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A first novel, this is also a first person account of Scout's (Jean Louise) recall of the years that led to the ending of a mystery, the breaking of her brother Jem's elbow, the death of her father's enemy — and the close of childhood years. A widower, Atticus raises his children with legal dispassion and paternal intelligence, and is ably abetted by Calpurnia, the colored cook, while the Alabama town of Maycomb, in the 1930's, remains aloof to their divergence from its tribal patterns. Scout and Jem, with their summer-time companion, Dill, find their paths free from interference — but not from dangers; their curiosity about the imprisoned Boo, whose miserable past is incorporated in their play, results in a tentative friendliness; their fears of Atticus' lack of distinction is dissipated when he shoots a mad dog; his defense of a Negro accused of raping a white girl, Mayella Ewell, is followed with avid interest and turns the rabble whites against him. Scout is the means of averting an attack on Atticus but when he loses the case it is Boo who saves Jem and Scout by killing Mayella's father when he attempts to murder them. The shadows of a beginning for black-white understanding, the persistent fight that Scout carries on against school, Jem's emergence into adulthood, Calpurnia's quiet power, and all the incidents touching on the children's "growing outward" have an attractive starchiness that keeps this southern picture pert and provocative. There is much advance interest in this book; it has been selected by the Literary Guild and Reader's Digest; it should win many friends.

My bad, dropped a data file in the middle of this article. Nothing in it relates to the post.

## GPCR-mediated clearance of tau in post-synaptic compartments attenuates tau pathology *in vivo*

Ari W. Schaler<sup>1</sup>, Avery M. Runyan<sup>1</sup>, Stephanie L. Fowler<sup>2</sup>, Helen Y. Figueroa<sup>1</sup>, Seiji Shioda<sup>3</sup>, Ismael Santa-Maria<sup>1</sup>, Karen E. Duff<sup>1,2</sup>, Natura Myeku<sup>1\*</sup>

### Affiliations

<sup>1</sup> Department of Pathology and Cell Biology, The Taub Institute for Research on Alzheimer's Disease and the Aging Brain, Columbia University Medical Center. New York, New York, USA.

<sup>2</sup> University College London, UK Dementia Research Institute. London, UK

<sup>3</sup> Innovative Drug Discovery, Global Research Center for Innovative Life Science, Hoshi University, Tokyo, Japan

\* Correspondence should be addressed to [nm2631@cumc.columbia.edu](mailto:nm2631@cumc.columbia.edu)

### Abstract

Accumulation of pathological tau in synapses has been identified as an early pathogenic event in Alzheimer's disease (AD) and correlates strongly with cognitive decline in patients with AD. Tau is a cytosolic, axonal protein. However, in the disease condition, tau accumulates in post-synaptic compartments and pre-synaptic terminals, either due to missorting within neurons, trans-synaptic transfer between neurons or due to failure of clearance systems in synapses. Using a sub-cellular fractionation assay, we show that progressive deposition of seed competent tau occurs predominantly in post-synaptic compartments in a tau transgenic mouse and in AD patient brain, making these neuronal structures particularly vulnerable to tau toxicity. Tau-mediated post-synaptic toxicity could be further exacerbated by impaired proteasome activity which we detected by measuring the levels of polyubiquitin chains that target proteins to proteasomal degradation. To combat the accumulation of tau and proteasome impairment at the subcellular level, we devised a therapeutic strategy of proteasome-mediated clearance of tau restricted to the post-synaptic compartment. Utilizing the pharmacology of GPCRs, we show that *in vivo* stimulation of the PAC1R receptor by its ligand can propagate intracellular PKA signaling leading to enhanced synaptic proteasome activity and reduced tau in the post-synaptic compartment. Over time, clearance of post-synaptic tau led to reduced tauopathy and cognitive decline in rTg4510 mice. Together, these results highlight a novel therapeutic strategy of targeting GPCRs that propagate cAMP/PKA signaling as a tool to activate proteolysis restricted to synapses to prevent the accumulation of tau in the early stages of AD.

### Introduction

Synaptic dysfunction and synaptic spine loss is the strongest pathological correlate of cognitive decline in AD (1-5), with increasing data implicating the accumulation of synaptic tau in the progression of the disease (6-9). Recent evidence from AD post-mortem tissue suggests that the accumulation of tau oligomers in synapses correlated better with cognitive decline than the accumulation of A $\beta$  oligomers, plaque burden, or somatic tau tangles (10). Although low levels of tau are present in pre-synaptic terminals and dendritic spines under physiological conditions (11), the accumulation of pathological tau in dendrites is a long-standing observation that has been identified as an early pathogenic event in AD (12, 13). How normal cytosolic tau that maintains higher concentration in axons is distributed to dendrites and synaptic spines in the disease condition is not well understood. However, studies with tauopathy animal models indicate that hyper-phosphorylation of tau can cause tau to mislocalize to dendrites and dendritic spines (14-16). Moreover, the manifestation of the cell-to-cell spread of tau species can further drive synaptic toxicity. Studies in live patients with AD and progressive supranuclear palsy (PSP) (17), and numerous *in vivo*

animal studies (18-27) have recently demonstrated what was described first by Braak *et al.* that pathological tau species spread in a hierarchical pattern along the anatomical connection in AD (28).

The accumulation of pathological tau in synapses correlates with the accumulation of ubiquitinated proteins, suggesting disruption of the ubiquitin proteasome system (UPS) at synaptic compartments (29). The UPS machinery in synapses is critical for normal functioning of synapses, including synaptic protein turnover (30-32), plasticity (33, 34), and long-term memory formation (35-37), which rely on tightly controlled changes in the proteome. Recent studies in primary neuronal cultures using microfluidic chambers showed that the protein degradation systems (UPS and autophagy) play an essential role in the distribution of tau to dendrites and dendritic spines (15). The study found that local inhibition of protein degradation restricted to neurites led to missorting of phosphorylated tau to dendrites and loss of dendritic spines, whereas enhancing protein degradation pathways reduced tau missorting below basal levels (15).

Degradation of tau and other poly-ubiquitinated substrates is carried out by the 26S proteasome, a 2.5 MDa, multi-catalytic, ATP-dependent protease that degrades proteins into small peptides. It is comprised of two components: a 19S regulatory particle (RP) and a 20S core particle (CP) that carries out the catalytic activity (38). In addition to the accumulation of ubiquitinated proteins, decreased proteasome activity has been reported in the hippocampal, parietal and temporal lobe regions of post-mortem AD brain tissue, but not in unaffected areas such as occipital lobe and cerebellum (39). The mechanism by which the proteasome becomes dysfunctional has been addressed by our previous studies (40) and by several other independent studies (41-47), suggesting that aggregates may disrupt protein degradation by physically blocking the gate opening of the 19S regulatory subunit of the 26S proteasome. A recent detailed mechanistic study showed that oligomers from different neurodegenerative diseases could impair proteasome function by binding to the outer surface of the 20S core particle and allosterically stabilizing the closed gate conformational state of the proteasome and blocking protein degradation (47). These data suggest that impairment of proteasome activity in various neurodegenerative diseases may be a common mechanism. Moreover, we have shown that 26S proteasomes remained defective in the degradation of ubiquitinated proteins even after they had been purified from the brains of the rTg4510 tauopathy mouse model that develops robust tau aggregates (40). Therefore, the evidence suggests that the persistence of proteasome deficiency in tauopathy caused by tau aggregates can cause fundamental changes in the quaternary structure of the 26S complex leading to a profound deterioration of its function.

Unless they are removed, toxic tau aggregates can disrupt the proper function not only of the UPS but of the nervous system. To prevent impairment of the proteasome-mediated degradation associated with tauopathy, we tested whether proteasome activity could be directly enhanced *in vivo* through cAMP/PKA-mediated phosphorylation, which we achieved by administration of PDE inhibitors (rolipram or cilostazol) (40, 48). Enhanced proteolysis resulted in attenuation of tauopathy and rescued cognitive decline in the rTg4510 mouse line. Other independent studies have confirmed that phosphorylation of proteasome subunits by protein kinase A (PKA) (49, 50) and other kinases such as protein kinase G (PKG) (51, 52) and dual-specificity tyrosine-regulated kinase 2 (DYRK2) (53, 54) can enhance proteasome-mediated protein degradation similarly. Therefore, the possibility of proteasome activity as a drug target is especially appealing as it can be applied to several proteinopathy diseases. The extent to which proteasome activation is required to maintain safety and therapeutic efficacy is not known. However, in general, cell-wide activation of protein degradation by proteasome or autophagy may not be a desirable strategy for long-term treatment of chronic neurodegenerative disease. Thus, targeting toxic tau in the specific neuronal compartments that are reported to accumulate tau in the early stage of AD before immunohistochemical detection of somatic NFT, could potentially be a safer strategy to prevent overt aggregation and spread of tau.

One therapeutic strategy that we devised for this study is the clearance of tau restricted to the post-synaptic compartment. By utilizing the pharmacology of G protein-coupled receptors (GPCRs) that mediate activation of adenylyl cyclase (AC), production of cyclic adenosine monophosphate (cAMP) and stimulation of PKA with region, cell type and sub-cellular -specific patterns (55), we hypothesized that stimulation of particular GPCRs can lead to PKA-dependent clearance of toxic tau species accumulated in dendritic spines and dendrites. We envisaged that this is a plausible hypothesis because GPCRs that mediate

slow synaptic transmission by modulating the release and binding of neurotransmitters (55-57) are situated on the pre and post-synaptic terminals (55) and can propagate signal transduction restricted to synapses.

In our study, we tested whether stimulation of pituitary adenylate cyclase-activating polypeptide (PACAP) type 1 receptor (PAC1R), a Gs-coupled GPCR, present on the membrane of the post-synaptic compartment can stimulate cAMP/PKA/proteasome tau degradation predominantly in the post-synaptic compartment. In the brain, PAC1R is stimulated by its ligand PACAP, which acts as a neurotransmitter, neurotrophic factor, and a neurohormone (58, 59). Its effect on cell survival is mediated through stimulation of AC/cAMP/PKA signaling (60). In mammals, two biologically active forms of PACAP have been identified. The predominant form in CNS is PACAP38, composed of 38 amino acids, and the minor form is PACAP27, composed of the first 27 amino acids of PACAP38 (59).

Pub Date: July 11, 1960

ISBN: 0060935464

Page Count: 323

Publisher: Lippincott

Review Posted Online: Oct. 7, 2011

Kirkus Reviews Issue: July 1, 1960

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While a few weeks ago it seemed as if Praeger would have a two month lead over Dutton in their presentation of this Soviet best seller, both the "authorized" edition (Dutton's) and the "unauthorized" (Praeger's) will appear almost simultaneously. There has been considerable advance attention on what appears to be as much of a publishing cause celebre here as the original appearance of the book in Russia. Without entering into the scrimmage, or dismissing it as a plague on both your houses, we will limit ourselves to a few facts. Royalties from the "unauthorized" edition will go to the International Rescue Committee; Dutton with their contracted edition is adhering to copyright conventions. The Praeger edition has two translators and one of them is the translator of Doctor Zhivago Dutton's translator, Ralph Parker, has been stigmatized by Praeger as "an apologist for the Soviet regime". To the untutored eye, the Dutton translation seems a little more literary, the Praeger perhaps closer to the rather primitive style of the original. The book itself is an account of one day in the three thousand six hundred and fifty three days of the sentence to be served by a carpenter, Ivan Denisovich Shukhov. (Solzhenitsyn was a political prisoner.) From the unrelenting cold without, to the conditions within, from the bathhouse to the latrine to the cells where survival for more than two weeks is impossible, this records the hopeless facts of existence as faced by thousands who went on "living like this, with your eyes on the ground". The Dutton edition has an excellent introduction providing an orientation on the political background to its appearance in Russia by Marvin Kalb. All involved in its publication (translators, introducers, etc.) claim for it great "artistic" values which we cannot share, although there is no question of its importance as a political and human document and as significant and tangible evidence of the de-Stalinization program.

Pub Date: June 15, 1963

ISBN: 0451228146

Page Count: 181

Publisher: Praeger

Review Posted Online: Oct. 5, 2011

Kirkus Reviews Issue: June 15, 1963